Last, a news item about a Buddhist practice that truly may cause some harm: a recent Cambodian study is suggesting that the practice of animal release may place people at a greater risk of infection of the avian influenza H5N1 virus (the avian flu), as well as spread the disease. Check out the full article here

Photo credit:© Peter M. Fisher/Corbis

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astringfellow's picture

Sorry, but John Horgan's viewpoint is false and ill-researched to say the least. For one, brain scans have been, and still are showing significant results for practitioners of most forms of meditation. As for his self congratulatory analysis on Buddhism, this is also hogwash, I shouldn't need to go into any further detail about this.

However, what I am most surprised about is that. from reading some of the replies here, the average American is simply too attached to their own ego to be able to take true refuge. This is probably due to the terribly linear education system here. The end result is that most American minds are as partisan as their political leaders, and far too fond of externalizing their own internal dialogue to just trust, commit and be, or indeed to allow others. I am reminded of a time I listened to some students talk about Buddhism - it was incredibly circuitous and painful.

Not everything in the World should be looked at as though one is earning yet another academic badge to show others. Overachieving is not conducive to mindful practice.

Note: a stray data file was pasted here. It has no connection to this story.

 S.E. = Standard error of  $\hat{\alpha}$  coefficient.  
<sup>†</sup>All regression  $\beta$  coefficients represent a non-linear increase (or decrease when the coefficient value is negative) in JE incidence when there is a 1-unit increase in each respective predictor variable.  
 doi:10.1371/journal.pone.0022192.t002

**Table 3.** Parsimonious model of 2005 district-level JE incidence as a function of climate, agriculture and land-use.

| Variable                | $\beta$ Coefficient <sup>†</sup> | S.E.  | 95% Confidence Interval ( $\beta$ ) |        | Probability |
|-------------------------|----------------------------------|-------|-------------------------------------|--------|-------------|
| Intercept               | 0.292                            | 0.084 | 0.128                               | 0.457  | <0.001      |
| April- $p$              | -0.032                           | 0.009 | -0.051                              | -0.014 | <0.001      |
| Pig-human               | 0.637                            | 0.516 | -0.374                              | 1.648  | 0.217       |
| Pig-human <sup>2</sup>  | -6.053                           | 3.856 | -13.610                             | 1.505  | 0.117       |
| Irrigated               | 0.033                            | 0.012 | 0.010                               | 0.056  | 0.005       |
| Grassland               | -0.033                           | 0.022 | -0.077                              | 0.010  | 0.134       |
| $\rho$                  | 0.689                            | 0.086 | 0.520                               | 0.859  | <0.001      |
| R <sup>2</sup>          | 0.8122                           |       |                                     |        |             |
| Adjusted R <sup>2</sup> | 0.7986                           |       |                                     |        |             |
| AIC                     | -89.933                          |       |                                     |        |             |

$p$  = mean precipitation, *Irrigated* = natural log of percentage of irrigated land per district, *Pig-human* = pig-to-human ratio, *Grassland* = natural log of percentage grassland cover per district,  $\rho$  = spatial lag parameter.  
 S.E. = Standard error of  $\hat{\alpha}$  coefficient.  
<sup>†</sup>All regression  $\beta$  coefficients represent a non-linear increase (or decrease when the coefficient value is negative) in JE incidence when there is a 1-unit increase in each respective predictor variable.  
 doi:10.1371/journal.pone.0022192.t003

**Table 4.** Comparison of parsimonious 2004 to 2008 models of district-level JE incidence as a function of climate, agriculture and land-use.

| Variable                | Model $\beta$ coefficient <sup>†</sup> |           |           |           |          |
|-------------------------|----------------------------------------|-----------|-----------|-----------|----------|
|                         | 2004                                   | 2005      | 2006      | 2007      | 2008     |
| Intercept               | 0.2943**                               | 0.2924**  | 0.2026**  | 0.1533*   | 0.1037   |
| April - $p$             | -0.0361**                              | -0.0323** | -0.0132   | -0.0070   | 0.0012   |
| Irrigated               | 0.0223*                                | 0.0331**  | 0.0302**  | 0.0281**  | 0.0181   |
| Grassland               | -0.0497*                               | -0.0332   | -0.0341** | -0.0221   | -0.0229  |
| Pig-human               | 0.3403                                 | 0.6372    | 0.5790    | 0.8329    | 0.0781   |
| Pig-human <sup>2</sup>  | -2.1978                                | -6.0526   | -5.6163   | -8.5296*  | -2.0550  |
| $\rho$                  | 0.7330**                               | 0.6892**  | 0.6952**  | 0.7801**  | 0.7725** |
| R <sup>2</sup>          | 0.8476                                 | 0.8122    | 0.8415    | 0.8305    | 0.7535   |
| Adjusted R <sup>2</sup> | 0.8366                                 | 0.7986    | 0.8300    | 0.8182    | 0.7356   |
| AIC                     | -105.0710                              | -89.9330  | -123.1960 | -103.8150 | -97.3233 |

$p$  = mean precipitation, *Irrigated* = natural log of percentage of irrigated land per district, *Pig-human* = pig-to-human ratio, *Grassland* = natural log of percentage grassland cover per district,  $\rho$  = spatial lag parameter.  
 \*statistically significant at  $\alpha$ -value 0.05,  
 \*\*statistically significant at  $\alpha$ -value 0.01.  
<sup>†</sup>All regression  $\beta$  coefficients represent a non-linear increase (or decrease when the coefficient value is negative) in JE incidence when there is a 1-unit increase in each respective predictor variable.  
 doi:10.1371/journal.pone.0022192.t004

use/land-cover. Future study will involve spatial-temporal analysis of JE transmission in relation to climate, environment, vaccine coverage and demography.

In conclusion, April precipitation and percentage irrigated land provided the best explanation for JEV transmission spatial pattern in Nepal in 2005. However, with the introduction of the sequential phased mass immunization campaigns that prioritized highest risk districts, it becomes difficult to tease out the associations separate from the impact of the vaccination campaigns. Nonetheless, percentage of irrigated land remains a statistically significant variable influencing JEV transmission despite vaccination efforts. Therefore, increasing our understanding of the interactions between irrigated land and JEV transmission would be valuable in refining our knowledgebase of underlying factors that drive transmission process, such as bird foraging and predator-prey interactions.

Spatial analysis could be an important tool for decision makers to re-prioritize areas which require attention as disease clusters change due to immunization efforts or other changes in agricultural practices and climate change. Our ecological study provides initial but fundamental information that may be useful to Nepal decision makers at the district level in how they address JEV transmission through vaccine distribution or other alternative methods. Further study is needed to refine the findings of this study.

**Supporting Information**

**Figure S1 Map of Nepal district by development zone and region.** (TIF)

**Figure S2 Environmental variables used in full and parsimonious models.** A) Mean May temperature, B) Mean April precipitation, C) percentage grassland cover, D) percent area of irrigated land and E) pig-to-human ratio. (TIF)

For a brilliant riposte by someone who looked at Horgan with clarity:

Dominic Gomez's picture

A similar predicament was faced by Shakyamuni's disciples after his death. An elite group of monks too attached to provisional teachings had little to offer others except their "academic badges". Ergo mahayana (more comprehensive vehicle).

sharmila2's picture

While multi-tasking is undoubtedly stressful to the brain and ultimately inefficient (and in a deeper context, impossible since the mind can only really do one thing at a time, it is the frequent vacillation between objects that causes the tension) it affects a lot more industries than just medicine. Ironically, doing surgery (even brain surgery) is a lot less about intense focus and much more auto-pilot than you would think - a lifetime of training enables it to be done fairly routinely without too much supra-tentorial thought, much like driving. Obviously none of us know the specifics of that particular case, and im not advocating chatting on the phone during surgery, but it probably has less of an impact than you would imagine. (yes, Im a surgeon and no, i have never done this - i dont even play music in my OR).
The second point - yes, meditation absolutely has significant side effects when done intensely that manifest especially in the "real world" rather than the protected setting of a retreat. During the stages that mark the progress of insight in the Theravada tradition (the other traditions have their own versions, this is the one I'm intimately familiar with) the majority of them accentuate the negative afflictive emotions and cause one's judgement to be severely impaired in a more exaggerated way than our usual state of ignorance. These side effects unfortunately persist after the retreat, when all the "highs" are gone, and can lead people to behave quite terribly and make very ill-advised decisions due to their distorted reality. They often also create a much greater experience of suffering - increased awareness is certainly no picnic, and while this is a necessary step toward liberation, can be quite devastating at the time. Despite being a longtime Buddhist who considers the religion/practice to be the center of my existence, I have to admit there is some truth in Horgan's statements, albeit a very incomplete view.

wtompepper's picture